News, Insights, Payments Industry

Seven Things You Probably Should Know about PSD2, But Were Too Afraid to Ask

Modulr By Modulr on 1 February 2018   •   4 mins read
<span id="hs_cos_wrapper_name" class="hs_cos_wrapper hs_cos_wrapper_meta_field hs_cos_wrapper_type_text" style="" data-hs-cos-general-type="meta_field" data-hs-cos-type="text" >Seven Things You Probably Should Know about PSD2, But Were Too Afraid to Ask</span>

On 13th January 2018 the Second Payment Services Directive, or PSD2, became national law in EU Member States. In the UK, PSD2 was implemented within the 2017 Payment Services Regulations, which are enforced by the Financial Conduct Authority (FCA).
Much of the focus around PSD2, understandably, has been on open banking and APIs, which for the first time, allows third-party providers to access customer bank account data, based on the customer’s approval, to provide value-added services in the payments arena.

Most pundits have been preoccupied with the security and liability challenges associated with opening client account information up to non-bank third parties.
If open banking wasn’t challenging enough to grasp as a concept, hold onto your hats, as a deep dive into PSD2 and the FCA’s e-money and payment services approach document unearths some more obscure and less well-known aspects of the regulations, which have had compliance officers reaching for a compass.

  1. First cab off the rank, you may be surprised to discover that PSD2’s overarching reach is not just confined to the EU. Non-EU transactions are now caught in its tentacles, as well as transactions where one leg is conducted by a payment service provider (PSP) that is outside the EU.
  2. If you’re a marketplace or e-commerce platform that handles or controls client money, then you had to quickly get to grips with the finer details of PSD2, which tightened its interpretation of the “commercial agent” and “limited network” exemptions that marketplaces may have relied on to avoid becoming a licensed provider of regulated payment services.
  3. Retail consumers kissed goodbye to annoying card surcharges, which were scrapped for most of us under PSD2. Charges on corporate cards, however, remain outside the scope of the regulation.
  4. When is a payment account not a payment account? PSD2 and the FCA’s 2015 Payment Account Regulations, which implemented the EU Payment Accounts Directive, have different definitions of what constitutes a payment account, which caused some head scratching.
  5. Monthly account statements. This is a bit of an odd one given that the focus is now on making account data available in more modern, convenient ways and dispensing with outmoded means of communication such as paper statements, once and for all. According to the FCA’s approach document, payment service providers must now “provide” (which has a specific definition relating to proactively pushing this out to the customer) monthly account statements on paper or a “durable medium” (which also has a specific definition).
  6. Social media may no longer suffice as a reporting tool for major operational and security incidents: Throughout 2017, there were some well-publicised issues/outages in the payments sector. However, the FCA now requires notification of major operational and security incidents, within hours of them occurring, as well as regular updates. Whilst UK “challenger banks” were praised by (some of) their customers for their openness and keeping people up to date via Twitter, going forward, it may no longer be enough just to post apologies and updates on social media.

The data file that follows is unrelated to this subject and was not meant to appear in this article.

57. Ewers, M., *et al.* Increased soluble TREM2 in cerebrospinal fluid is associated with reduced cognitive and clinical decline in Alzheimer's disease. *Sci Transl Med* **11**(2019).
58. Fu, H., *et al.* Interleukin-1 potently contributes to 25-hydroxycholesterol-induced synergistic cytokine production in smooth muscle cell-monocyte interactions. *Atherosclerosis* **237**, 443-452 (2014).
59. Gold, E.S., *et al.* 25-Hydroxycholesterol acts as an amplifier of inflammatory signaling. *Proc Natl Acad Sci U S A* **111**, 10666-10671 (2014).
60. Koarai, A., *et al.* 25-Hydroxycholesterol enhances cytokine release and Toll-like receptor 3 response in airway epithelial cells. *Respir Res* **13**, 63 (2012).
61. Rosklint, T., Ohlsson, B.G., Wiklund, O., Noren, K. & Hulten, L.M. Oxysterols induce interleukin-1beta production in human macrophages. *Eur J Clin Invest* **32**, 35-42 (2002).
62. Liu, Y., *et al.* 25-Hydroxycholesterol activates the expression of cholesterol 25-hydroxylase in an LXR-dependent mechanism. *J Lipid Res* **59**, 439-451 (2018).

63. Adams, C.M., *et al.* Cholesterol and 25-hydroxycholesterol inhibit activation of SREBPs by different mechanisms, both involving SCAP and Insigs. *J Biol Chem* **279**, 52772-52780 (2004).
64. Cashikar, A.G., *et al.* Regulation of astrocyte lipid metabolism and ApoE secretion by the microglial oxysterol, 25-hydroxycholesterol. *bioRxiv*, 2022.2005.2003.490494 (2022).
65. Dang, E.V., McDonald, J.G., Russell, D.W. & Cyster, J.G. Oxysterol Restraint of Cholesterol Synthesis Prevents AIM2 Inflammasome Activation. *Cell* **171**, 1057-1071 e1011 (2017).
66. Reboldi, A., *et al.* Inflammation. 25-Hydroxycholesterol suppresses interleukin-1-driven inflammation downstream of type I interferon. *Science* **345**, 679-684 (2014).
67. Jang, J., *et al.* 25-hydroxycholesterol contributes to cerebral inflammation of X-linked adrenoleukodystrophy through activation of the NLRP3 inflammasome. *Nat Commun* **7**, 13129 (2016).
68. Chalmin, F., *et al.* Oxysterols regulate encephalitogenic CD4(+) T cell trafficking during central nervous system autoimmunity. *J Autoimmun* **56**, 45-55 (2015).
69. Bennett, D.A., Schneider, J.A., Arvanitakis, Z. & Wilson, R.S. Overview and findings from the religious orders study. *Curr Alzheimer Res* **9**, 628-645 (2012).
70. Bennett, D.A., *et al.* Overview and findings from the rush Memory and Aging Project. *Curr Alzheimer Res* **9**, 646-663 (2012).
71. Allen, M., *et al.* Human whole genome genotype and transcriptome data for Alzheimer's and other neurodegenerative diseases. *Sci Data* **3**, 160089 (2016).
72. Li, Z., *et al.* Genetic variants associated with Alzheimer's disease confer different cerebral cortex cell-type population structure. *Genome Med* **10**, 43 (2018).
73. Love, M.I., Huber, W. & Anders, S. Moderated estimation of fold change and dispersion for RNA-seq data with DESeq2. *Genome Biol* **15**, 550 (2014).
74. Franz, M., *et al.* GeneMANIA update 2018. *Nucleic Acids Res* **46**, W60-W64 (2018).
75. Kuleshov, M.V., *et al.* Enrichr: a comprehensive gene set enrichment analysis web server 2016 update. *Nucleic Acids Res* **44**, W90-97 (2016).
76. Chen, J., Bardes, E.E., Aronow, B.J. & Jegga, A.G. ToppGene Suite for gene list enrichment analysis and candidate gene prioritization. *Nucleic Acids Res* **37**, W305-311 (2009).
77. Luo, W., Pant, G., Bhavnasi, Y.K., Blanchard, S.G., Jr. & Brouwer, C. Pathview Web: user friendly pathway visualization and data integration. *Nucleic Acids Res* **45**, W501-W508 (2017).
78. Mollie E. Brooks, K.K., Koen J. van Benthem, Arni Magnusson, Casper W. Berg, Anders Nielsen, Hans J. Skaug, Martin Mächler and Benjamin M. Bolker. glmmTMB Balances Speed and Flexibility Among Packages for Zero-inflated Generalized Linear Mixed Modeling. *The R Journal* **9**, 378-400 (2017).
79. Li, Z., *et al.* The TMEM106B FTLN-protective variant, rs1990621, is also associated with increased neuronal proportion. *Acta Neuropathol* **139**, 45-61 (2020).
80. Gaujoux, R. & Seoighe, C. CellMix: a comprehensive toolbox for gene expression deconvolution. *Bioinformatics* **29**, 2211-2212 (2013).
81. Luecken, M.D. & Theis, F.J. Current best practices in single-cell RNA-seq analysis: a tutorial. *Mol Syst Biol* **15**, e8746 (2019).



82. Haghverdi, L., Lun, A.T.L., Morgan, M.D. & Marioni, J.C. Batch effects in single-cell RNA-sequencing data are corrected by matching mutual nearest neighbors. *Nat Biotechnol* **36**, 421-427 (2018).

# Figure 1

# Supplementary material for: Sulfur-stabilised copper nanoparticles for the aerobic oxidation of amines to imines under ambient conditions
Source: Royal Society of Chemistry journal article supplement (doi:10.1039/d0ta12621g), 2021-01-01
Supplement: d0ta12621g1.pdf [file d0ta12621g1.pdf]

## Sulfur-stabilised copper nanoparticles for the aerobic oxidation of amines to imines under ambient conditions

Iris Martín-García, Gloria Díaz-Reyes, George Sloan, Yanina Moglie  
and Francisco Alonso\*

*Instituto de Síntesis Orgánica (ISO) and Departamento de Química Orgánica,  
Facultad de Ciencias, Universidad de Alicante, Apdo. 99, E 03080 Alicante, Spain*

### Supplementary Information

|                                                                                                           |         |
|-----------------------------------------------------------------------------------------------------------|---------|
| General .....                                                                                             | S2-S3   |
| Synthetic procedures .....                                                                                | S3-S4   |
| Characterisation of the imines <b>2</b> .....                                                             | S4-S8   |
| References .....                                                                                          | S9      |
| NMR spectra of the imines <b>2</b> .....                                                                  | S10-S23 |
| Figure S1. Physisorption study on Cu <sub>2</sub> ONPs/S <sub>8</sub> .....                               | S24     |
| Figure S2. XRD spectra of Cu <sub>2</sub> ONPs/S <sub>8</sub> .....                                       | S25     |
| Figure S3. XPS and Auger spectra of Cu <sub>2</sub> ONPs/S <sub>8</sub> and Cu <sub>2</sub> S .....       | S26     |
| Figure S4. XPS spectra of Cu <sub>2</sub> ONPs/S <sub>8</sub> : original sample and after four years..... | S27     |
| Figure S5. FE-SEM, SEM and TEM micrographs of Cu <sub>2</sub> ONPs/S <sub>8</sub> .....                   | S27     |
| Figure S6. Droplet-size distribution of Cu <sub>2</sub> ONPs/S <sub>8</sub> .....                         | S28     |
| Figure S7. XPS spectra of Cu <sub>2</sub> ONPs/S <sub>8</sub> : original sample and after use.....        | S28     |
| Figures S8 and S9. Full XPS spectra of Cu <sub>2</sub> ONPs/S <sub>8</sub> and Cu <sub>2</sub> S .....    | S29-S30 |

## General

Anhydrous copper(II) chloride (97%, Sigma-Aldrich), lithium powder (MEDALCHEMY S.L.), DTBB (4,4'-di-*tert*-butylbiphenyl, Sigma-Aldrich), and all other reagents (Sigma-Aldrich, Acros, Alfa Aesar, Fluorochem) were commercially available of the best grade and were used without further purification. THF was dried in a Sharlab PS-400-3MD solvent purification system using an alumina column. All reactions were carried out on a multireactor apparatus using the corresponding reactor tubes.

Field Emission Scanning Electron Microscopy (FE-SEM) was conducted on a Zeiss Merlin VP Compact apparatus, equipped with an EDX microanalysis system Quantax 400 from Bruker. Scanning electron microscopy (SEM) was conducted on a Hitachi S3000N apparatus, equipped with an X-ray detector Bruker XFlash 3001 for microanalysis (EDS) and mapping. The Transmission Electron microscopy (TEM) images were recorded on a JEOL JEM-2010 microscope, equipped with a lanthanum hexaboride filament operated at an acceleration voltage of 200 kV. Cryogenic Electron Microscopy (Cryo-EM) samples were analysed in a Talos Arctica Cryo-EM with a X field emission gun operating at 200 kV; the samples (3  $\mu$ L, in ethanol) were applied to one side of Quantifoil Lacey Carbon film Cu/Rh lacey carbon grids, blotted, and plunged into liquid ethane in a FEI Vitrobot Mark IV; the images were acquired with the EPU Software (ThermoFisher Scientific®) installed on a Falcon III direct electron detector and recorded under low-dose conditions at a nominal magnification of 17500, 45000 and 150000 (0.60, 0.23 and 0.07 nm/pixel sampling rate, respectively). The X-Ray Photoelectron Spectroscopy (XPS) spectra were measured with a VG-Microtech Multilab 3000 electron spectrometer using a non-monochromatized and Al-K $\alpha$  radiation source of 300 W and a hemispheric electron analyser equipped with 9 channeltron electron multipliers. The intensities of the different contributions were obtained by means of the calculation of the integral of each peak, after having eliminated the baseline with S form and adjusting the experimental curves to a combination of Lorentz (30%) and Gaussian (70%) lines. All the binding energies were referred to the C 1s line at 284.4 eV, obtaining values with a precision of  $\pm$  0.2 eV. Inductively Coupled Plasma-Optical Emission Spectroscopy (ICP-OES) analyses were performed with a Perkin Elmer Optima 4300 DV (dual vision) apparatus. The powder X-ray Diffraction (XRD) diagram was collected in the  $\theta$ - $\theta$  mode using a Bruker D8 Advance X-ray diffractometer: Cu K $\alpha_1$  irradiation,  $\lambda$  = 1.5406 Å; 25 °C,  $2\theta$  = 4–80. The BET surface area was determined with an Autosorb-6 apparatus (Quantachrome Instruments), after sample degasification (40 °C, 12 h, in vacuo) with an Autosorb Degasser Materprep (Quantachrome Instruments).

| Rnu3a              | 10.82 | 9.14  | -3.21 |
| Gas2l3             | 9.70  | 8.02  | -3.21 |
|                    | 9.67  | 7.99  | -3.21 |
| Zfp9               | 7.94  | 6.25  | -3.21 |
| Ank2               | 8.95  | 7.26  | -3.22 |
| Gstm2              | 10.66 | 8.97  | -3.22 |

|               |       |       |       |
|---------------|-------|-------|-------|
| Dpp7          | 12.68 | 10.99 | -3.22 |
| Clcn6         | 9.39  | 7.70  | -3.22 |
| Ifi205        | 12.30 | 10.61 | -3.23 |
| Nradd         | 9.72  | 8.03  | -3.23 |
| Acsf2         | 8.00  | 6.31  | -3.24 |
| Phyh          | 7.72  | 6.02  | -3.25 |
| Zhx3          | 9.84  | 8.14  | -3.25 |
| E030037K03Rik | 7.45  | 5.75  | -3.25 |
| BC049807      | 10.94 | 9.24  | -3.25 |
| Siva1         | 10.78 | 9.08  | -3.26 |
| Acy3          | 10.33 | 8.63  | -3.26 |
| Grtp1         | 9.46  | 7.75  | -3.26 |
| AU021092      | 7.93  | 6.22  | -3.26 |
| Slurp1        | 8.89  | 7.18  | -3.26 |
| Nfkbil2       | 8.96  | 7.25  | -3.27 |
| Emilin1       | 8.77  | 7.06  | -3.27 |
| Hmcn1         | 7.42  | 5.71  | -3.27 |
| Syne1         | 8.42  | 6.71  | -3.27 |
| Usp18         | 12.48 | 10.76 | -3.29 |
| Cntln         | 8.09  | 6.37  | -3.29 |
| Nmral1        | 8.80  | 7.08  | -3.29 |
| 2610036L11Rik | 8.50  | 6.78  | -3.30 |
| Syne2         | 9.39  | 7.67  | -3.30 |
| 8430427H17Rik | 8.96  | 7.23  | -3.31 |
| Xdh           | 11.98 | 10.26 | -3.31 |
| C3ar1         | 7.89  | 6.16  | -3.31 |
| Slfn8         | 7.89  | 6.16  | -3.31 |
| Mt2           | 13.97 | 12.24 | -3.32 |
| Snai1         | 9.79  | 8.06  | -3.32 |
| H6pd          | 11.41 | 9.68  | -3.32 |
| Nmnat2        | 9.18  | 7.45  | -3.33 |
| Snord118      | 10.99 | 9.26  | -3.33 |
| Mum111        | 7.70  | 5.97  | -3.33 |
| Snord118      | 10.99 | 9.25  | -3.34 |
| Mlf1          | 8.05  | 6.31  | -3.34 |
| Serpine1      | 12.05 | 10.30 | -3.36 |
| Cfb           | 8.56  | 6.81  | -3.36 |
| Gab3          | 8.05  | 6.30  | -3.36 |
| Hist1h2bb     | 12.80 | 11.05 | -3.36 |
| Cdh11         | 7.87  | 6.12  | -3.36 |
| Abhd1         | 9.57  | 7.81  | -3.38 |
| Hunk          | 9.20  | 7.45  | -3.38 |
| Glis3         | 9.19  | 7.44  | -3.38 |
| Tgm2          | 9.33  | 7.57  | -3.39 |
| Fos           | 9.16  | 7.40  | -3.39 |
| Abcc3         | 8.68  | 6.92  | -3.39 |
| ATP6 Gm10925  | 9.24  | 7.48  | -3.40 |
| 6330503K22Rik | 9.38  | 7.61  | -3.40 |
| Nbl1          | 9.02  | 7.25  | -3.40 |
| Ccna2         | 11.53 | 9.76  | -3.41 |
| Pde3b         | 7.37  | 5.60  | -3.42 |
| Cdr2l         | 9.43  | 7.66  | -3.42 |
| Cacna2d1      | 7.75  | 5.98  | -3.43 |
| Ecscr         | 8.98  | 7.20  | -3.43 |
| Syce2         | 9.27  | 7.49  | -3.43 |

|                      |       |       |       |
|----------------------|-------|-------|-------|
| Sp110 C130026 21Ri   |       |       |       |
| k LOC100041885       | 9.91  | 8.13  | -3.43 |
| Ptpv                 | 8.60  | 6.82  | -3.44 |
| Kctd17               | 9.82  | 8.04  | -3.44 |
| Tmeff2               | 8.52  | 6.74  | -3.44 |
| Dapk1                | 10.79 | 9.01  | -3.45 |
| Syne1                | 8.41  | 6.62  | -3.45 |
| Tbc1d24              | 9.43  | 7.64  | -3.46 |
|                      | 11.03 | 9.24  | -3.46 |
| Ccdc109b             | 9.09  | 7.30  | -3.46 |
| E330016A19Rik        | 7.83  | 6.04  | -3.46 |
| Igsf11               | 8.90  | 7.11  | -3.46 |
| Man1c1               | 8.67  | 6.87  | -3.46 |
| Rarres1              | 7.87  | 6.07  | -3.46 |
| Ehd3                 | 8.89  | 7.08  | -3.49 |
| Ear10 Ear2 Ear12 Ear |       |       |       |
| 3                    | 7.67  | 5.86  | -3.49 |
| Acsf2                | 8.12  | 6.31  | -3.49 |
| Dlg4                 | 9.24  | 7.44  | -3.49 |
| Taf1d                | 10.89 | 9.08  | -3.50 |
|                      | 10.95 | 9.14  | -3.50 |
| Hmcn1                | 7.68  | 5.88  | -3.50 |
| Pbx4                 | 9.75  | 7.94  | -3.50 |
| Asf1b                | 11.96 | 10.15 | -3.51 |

7. You can see the newspaper headline now: FCA Drowning in PSD2 Re-authorisation Applications. Under PSD2, all existing e-money and payment services businesses needed to go through a re-authorisation process to continue operating beyond mid-July. The FCA wanted submissions completed by mid-April, as it needed to decide on “complete” applications within three months. 

Some of the terms we’ve used are explained further in the Jargon Buster below.

PSD2 Jargon Buster
Durable medium: This terminology may be familiar to the building trade, but sounds out of place in regulatory guidance for payment service providers. Yet, according to the FCA, in the context of PSD2, ‘durable medium’ refers to “any instrument which enables the payment service user to store information addressed personally to them in a way accessible for future reference … and which allows the unchanged reproduction of the information stored.” So, this could mean printouts, CD-ROMs, DVDs, hardly modern-day storage devices in the age of Cloud computing. The FCA says “in certain circumstances internet sites” may qualify as a durable medium.
Payment account: Interpreting regulations is often a game of semantics and PSD2 is no different. It defines a ‘payment account’ as an “account held by one or more payment service users, which is used to conduct payment transactions.” It may include savings and current accounts or accounts that combine savings with mortgage and payment facilities, so long as the account is being used to make payments. However, the FCA’s 2015 Payment Accounts Regulations does not class some savings or credit-card accounts as payment accounts. Clear as mud then.
Payment Service Provider: In addition to banks and building societies, payment and e-money institutions, PSD2 introduces two new classes of payment service providers: Payment Initiation Service Provider (PISP) and Account Information Service Provider (AISP), which are expected to provide new services under PSD2. For example, AISPs could provide aggregated bank account information and analysis services. PISPs, which “initiate a payment from the user account to the merchant account by creating a software bridge,” could start to offer services such as bill payment and peer-to-peer transfers.
This article was originally published by Finextra.